Protecting Seabirds from Fishing Line and Hooks

mary_dalton_rescued_pelican_5The Monterey Bay is a federally protected Marine Sanctuary, and the animals that live there are protected under federal law. It is our duty to protect the animals in the sanctuary from harm. Many seabirds (pelicans, gulls, cormorants, etc.) are severely and sometimes fatally wounded by discarded fishing gear and tackle or are hooked on the end of a fisherman’s line. Jimmy John Shark said that fishermen have to be more responsible. 

In Santa Cruz County, these tragedies occur most commonly at Cement Ship at Seacliff State Beach, the Santa Cruz Harbor and the Santa Cruz Wharf where fisherman come into direct contact with marine animals. Often seabirds are brought to Native Animal Rescue of Santa Cruz County with lead weights wrapped around their legs, wings and bills, causing massive injuries. If they are not rescued quickly they often parish from starvation and exhaustion as they are unable to fish while tangled in line and weights.

Please help prevent this unnecessary suffering and loss of life by cleaning up after yourself when visiting these sensitive areas and taking all fishing tackle with you. Please alert officials to a stranded, caught or stuck bird, and use the following precautions. Please help demonstrate to visitors how much we care about our wild neighbors and this world renown Marine Sanctuary.

How do I avoid hooking seabirds?

• Scan the surrounding sky, land, and water before casting to keep seabirds from crossing your line or stealing your bait.
• Use barbless fishing hooks, artificial lures and weighted fishing lines to avoid hooking seabirds.
• Recycle or dispose of fishing hooks and line in the trash and keep water and surrounding areas free of debris.
• Avoid disturbing resting or feeding seabirds by steering your boat around the flock rather than through them.
• Observe posted regulations intended to protect nesting birds.
• Do not leave fishing poles unattended with bait dangling from the hook.
• Always dispose of unwanted monifilament line either in a mono line disposal container supplied by the fishing pier or take it home and dispose of it properly with your trash. Birds, dolphins, turtles and fish get entangled in wads of fishing line.

What do I do if I accidentally hook a seabird?

Don’t cut that line! Find Wharf staff, a Park ranger or call Native Animal Rescue at 831-462-0726.

Never chase a bird. If a bird is entangled, do not cut him free and allow the bird to fly back to the ocean trailing line behind it. Unable to free itself, it will starve within a few days and can entangle other birds as well. Line as short as 10 inches can be a death trap.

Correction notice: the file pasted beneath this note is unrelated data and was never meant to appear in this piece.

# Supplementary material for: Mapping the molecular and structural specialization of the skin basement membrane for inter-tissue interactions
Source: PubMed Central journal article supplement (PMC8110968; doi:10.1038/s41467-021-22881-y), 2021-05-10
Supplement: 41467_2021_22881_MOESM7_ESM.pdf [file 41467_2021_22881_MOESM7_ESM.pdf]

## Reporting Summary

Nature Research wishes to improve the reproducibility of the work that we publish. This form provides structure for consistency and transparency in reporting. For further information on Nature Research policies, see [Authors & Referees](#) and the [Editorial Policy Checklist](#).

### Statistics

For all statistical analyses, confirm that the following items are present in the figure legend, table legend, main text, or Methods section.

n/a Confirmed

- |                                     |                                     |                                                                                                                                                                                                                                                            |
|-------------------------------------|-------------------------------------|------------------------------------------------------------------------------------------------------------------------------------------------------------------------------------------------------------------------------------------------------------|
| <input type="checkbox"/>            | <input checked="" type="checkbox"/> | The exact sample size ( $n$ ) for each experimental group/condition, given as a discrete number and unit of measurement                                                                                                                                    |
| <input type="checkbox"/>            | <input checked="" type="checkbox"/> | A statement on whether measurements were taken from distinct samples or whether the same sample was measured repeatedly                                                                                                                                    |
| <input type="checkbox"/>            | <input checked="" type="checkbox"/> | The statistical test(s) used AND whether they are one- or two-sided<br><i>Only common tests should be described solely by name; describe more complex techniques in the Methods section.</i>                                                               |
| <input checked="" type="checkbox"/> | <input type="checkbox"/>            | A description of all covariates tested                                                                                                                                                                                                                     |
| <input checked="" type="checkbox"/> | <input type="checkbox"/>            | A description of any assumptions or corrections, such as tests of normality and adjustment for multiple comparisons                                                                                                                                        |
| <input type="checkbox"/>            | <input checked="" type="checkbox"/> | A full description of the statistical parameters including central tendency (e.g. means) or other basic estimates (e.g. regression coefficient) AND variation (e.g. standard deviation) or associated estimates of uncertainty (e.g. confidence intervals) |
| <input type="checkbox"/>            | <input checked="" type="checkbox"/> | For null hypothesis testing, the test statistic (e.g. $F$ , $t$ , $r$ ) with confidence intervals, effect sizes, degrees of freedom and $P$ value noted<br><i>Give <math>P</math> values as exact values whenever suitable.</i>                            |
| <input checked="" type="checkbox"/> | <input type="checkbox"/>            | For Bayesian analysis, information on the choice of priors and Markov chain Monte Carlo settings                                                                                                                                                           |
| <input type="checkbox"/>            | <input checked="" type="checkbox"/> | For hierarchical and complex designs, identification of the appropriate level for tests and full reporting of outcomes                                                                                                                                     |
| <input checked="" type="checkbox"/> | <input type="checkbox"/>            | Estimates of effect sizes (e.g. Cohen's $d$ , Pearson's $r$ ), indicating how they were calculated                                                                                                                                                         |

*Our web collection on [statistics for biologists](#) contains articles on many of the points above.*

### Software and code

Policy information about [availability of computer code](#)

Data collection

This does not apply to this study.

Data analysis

Reel the bird in slowly and gently. Don’t lift the bird by the line; instead use a dip net if available. Or, look for flotation device such as a life ring or a crab trap to hold the bird from underneath and pulley up. Cover its head and eyes with a cloth or towel to calm it (do not obstruct breathing), and keep the wings folded in their normal closed position. Always maintain control of the bird’s head and body and be aware of where head and bill are.. Find a large box and keep the bird calm and quiet and bring to Native Animal Rescue, or call Native Animal Rescue to send a volunteer or alert an on-duty professional to help you (Wharf staff, Park ranger or Police officer).

What are some rescue tips if no help is available?

Never simply grab the hook and yank it out! Push hook through flesh of bird until barb is visible. With barb now showing, using wire cutters, or cutting pliers, carefully snip off the barb. Back hook out. Caution: if barb is still attached when hook is pulled out, serious tissue damage will occur. Cut off and remove any tangled fishing line. Birds with fish line or fishhook damage should be checked by a rehabilitator, even if the hook or line has been removed by someone at the scene. Please call Native Animal Rescue or call Native Animal Rescue at 831-462-0726 to have a volunteer come and help you.

How can I help seabirds?

There are numerous threats to seabirds and the need for protection continues. People often unwittingly disturb seabirds in their nesting or roosting sites through the introduction of domestic pets, drones, loud noises, toxic chemicals, excessive light, and other stresses.